Last month, Rioter Amanda wrote about the challenges she had while trying to read during a bout with depression. The post resonated with me particularly hard and at a timely moment. Just days before, I went and got help for depression after years (and years and years) of believing that it was who I was and something that I could manage entirely on my own.
For long periods of my life, hitting low points meant turning to books, rather than turning away from them. I could sit down on a weekend and devour 4 or 5 novels in no time. Sinking into another world, one entirely outside of my head, meant getting away from the disease. I could disconnect from myself. I’ve always been a fan of dark realities, since so often, they’re well beyond any realm I could imagine in my own world. Whatever was causing me pain couldn’t hold a candle to the things I was seeing in fiction.
When you’re in a bad mental place, you reach for comfort wherever you can find it.
I put off getting help not just because I thought I could do it myself. I was also influenced by too-frequently-seen narratives in books — and other media — about mental illness. When you struggle with something like depression or anxiety or both, your brain isn’t functioning normally on any level. You really believe the terrible things your mind is telling you. Regular exposure to the message that seeking help, especially medication, is a sign of weakness and a means of numbing yourself to reality, sinks in. The last thing in the world I wanted as a writer and as a reader was to feel like the things that buoyed me through rough times would be the first things I’d lose when getting better.
After making the excruciatingly hard decision to medicate, I can’t say enough for what a positive difference this has made in my life. Especially my reading and writing life.
I’m enjoying — really, really enjoying — reading and talking about reading in a way that I never have before. It’s not a support system for me. Rather, it’s an engaging, fully-immersiveexperience that I am an active, present part of. I’m still turning to dark books but the way I feel about them is changed. I think I love them even more because I see my world in there.Because I am able to see what is and isn’t reality. I’m coming at stories with a better sense of who I am and what it is I believe, increasing my empathy for characters and choices they make.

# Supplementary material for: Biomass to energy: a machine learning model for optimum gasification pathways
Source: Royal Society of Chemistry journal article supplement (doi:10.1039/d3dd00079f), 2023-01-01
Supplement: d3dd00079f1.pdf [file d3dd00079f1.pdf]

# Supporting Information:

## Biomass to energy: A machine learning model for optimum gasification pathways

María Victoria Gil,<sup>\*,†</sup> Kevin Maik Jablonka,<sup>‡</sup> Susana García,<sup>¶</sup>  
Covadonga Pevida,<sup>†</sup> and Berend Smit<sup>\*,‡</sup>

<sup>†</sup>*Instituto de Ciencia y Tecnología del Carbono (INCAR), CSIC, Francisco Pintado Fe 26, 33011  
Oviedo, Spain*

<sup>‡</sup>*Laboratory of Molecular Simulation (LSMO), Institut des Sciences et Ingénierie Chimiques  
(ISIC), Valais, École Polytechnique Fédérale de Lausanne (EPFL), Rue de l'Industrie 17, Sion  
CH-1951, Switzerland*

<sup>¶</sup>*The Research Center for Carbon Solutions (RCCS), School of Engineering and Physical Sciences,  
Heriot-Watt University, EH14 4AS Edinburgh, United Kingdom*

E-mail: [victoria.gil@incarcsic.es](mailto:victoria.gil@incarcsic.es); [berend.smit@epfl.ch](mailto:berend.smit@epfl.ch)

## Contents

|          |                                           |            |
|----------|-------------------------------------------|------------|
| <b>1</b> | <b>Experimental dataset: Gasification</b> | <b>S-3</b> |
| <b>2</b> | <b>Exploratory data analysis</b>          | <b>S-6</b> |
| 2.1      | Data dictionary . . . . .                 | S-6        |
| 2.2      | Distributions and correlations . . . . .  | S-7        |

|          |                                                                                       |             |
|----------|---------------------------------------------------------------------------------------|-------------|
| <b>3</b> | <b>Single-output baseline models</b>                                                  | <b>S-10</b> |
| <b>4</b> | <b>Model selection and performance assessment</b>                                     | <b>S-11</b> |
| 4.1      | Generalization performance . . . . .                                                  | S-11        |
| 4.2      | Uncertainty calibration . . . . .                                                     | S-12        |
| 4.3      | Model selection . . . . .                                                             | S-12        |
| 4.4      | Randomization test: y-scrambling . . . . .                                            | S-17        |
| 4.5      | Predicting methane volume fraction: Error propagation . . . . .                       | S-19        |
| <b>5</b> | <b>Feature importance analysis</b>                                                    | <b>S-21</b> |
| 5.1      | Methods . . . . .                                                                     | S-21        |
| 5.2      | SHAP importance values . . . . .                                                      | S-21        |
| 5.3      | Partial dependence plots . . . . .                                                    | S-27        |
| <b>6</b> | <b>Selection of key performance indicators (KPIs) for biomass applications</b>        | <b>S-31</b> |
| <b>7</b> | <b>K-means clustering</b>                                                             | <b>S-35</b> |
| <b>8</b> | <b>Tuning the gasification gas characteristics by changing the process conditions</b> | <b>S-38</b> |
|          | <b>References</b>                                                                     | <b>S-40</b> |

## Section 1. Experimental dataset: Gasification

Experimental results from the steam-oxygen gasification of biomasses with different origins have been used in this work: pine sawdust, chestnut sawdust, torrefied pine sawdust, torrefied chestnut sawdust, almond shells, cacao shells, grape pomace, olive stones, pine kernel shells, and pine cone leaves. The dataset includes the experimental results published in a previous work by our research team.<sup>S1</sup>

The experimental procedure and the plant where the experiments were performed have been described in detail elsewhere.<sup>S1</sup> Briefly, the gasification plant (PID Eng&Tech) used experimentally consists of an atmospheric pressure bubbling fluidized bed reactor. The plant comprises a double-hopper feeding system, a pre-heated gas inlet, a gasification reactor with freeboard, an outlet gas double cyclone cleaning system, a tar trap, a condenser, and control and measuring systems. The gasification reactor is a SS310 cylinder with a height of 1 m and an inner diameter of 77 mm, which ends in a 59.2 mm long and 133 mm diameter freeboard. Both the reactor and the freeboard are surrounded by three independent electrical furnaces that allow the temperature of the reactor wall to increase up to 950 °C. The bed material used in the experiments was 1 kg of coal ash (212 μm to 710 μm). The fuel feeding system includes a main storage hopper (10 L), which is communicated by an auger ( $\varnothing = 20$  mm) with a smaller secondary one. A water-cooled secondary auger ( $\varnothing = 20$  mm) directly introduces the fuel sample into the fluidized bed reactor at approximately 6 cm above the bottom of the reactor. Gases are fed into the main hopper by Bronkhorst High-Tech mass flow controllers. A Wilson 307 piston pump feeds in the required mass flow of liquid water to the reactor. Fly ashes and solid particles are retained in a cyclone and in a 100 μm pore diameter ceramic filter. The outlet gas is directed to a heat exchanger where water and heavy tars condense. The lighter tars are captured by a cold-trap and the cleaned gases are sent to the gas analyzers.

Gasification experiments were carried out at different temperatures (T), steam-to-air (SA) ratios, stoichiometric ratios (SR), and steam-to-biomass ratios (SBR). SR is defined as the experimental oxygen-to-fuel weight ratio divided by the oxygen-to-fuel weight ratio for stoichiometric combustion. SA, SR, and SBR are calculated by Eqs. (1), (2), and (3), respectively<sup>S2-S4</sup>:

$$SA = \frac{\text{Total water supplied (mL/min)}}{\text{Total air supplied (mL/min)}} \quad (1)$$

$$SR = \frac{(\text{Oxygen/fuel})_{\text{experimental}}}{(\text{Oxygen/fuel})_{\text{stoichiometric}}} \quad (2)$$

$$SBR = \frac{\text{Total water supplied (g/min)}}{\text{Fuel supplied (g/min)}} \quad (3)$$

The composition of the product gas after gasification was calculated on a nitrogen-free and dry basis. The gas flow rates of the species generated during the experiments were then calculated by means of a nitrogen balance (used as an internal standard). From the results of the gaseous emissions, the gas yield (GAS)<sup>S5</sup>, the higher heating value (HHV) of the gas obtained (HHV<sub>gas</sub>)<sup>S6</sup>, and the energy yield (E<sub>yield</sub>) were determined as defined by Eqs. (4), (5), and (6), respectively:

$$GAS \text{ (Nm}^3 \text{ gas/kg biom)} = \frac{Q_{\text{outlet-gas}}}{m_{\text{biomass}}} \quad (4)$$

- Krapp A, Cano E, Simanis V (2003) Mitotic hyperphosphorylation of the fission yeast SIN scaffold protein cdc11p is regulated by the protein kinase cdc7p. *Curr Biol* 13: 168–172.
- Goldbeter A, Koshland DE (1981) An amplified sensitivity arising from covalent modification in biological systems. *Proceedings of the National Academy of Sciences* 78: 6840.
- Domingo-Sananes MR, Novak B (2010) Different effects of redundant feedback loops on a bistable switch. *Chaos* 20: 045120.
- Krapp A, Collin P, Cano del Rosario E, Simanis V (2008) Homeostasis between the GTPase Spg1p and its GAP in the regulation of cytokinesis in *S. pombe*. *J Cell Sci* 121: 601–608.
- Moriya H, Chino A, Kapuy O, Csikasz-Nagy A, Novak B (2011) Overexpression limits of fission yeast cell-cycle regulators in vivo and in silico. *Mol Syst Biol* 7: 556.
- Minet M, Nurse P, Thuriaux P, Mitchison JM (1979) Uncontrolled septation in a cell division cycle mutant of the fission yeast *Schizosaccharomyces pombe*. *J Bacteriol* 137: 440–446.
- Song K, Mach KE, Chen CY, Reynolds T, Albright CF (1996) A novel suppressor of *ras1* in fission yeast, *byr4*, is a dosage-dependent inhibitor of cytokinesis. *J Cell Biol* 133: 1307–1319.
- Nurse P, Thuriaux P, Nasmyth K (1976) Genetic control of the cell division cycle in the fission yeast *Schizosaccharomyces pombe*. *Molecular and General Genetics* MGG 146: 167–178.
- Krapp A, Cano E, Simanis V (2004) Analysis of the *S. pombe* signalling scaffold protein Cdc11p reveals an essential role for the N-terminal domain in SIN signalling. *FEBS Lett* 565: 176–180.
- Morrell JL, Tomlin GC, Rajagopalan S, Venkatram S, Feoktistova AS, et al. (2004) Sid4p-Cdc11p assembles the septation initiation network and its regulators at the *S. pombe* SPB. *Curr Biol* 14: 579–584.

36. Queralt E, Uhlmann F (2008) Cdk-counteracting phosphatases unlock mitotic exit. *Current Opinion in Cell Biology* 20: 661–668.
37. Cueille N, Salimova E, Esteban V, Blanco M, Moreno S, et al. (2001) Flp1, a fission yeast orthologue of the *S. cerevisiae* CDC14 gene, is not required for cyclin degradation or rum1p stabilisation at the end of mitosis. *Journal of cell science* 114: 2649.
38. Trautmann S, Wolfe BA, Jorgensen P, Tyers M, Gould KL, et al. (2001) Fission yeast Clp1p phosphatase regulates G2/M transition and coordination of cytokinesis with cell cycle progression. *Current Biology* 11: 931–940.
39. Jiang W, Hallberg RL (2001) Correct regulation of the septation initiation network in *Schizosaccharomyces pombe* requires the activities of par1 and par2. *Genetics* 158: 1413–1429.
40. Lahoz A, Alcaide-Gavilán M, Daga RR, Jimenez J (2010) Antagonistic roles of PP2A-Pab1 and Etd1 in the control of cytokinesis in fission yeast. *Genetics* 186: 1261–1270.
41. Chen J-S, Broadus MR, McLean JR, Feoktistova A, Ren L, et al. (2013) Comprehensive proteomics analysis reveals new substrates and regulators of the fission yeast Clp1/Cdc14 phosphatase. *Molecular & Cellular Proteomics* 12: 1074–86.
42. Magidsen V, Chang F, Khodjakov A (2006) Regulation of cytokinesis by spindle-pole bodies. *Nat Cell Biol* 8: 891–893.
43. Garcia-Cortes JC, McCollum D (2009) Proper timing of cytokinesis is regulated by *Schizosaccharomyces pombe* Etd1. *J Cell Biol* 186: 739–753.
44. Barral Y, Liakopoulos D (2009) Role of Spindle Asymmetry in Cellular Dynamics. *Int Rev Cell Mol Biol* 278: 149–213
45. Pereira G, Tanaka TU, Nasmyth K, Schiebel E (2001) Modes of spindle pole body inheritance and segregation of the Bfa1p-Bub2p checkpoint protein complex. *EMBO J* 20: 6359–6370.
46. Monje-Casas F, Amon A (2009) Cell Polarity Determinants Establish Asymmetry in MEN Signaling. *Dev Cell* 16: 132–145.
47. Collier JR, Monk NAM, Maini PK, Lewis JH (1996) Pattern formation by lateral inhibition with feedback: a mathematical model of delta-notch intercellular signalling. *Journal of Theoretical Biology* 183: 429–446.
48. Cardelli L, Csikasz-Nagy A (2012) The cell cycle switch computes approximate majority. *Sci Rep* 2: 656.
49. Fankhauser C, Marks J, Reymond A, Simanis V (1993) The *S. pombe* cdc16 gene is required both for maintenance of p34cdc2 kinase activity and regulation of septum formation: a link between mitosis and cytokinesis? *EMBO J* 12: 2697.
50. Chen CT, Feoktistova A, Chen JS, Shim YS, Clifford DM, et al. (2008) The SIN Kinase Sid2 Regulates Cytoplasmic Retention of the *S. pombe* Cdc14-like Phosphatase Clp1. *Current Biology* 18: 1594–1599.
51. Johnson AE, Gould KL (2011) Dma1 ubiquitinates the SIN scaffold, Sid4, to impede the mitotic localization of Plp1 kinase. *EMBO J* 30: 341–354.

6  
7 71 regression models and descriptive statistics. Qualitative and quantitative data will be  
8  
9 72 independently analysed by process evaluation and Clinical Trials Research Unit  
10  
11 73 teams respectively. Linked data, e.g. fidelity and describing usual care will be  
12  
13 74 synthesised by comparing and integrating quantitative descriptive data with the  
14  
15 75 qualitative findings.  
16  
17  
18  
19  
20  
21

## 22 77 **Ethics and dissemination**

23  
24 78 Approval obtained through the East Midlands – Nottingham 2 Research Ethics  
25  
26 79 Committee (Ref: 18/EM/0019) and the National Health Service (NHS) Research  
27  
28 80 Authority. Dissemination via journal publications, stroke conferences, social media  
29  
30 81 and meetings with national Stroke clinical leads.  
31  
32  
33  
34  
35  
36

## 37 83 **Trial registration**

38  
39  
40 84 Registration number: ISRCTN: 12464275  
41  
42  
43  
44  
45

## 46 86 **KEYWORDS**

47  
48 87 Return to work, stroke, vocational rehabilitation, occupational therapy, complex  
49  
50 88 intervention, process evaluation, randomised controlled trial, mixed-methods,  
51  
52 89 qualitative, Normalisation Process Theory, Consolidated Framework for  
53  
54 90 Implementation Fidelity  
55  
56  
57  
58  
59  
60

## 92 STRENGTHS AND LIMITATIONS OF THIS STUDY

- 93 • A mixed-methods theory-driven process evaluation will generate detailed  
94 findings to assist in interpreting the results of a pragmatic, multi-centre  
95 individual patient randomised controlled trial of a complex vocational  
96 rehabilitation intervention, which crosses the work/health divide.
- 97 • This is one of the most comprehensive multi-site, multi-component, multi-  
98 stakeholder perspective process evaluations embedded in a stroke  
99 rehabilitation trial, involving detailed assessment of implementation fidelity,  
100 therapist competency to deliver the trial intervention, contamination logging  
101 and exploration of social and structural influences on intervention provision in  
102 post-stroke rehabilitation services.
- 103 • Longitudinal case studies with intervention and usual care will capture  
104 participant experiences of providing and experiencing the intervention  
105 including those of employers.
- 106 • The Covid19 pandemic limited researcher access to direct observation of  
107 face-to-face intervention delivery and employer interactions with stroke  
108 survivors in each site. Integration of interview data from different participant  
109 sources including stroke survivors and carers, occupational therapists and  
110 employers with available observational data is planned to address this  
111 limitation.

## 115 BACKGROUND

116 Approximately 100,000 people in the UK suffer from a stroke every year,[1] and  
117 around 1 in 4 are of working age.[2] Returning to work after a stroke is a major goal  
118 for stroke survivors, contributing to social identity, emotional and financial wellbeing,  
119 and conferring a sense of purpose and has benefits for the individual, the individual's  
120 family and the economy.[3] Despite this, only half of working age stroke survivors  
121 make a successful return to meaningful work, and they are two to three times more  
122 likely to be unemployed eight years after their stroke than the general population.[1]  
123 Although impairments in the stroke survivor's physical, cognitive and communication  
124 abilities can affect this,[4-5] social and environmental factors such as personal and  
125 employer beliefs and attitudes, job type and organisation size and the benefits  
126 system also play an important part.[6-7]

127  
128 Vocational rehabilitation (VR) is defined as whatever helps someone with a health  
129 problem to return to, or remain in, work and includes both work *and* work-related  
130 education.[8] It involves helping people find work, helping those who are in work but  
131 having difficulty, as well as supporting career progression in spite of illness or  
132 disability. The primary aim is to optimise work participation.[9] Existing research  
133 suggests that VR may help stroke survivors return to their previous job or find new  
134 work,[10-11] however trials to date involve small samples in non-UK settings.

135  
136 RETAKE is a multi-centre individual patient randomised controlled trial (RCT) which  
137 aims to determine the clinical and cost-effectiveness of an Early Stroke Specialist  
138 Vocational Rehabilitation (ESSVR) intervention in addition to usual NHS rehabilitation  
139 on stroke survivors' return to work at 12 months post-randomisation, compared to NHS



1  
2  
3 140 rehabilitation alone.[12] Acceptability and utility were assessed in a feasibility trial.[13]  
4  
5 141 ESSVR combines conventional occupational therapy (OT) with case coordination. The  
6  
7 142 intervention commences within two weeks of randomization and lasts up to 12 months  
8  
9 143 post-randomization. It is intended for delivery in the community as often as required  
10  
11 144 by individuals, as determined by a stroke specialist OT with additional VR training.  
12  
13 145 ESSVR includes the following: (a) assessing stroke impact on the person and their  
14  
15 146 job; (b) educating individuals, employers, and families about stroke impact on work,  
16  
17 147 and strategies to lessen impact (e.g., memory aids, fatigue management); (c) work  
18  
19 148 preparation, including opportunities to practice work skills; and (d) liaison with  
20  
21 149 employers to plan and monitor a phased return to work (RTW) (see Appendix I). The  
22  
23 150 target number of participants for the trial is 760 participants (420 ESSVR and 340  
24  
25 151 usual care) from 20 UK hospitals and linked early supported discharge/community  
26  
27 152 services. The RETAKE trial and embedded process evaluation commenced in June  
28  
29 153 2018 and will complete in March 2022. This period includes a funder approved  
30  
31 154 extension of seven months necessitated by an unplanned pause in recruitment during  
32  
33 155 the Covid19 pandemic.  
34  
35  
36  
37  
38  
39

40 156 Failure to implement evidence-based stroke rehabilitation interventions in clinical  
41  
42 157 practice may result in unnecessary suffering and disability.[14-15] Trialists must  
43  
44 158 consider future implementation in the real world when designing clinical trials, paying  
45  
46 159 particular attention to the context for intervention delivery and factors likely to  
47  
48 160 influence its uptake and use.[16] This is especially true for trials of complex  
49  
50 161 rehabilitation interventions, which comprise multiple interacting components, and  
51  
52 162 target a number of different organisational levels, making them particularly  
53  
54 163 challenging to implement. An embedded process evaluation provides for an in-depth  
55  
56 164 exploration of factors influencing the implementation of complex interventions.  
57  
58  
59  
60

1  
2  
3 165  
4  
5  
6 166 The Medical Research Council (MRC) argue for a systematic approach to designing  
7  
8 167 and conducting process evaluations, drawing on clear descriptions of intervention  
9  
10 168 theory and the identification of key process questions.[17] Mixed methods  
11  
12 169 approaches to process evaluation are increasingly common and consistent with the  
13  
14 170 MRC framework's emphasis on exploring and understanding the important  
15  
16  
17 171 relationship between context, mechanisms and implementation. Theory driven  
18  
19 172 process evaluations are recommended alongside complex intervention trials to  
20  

There’s a sense of quiet in my head I’ve never had before. That quiet has given me the chance to concentrate and think critically in ways I’ve struggled with in the past. I’m not rushing from idea to idea; instead, I’m able to think through the actions and choices in a story and pluck more carefully and more thoroughly at the strings holding them together. My time with a book extends beyond what it’s bringing me at the moment — escape, comfort — and I’m more able and excited to grapple with ideas days later.
My reading and my writing have both slowed down. But it’s the kind of slowing down that feels good. There’s breathing room and thinking room, with no pressure to hurry up and get through so I can fill those spaces with more things. I’m taking part in enjoyable, richly rewarding activities that fuel and exercise my mind, not just turn it off.
Someone told me that there comes a grieving period when depression/anti-anxiety medication and/or therapy and/or other treatment starts to really work. It’s not grieving about losing who you are; it’s about how much you denied your past self. About how you didn’t give yourself the chance to function but listened to those painful messages your mind fed you.
Depression took me out of my reading life. Recognizing that — and getting help for it — has put me back in in ways I could never have imagined. Reading isn’t about powering through. It isn’t about disconnecting.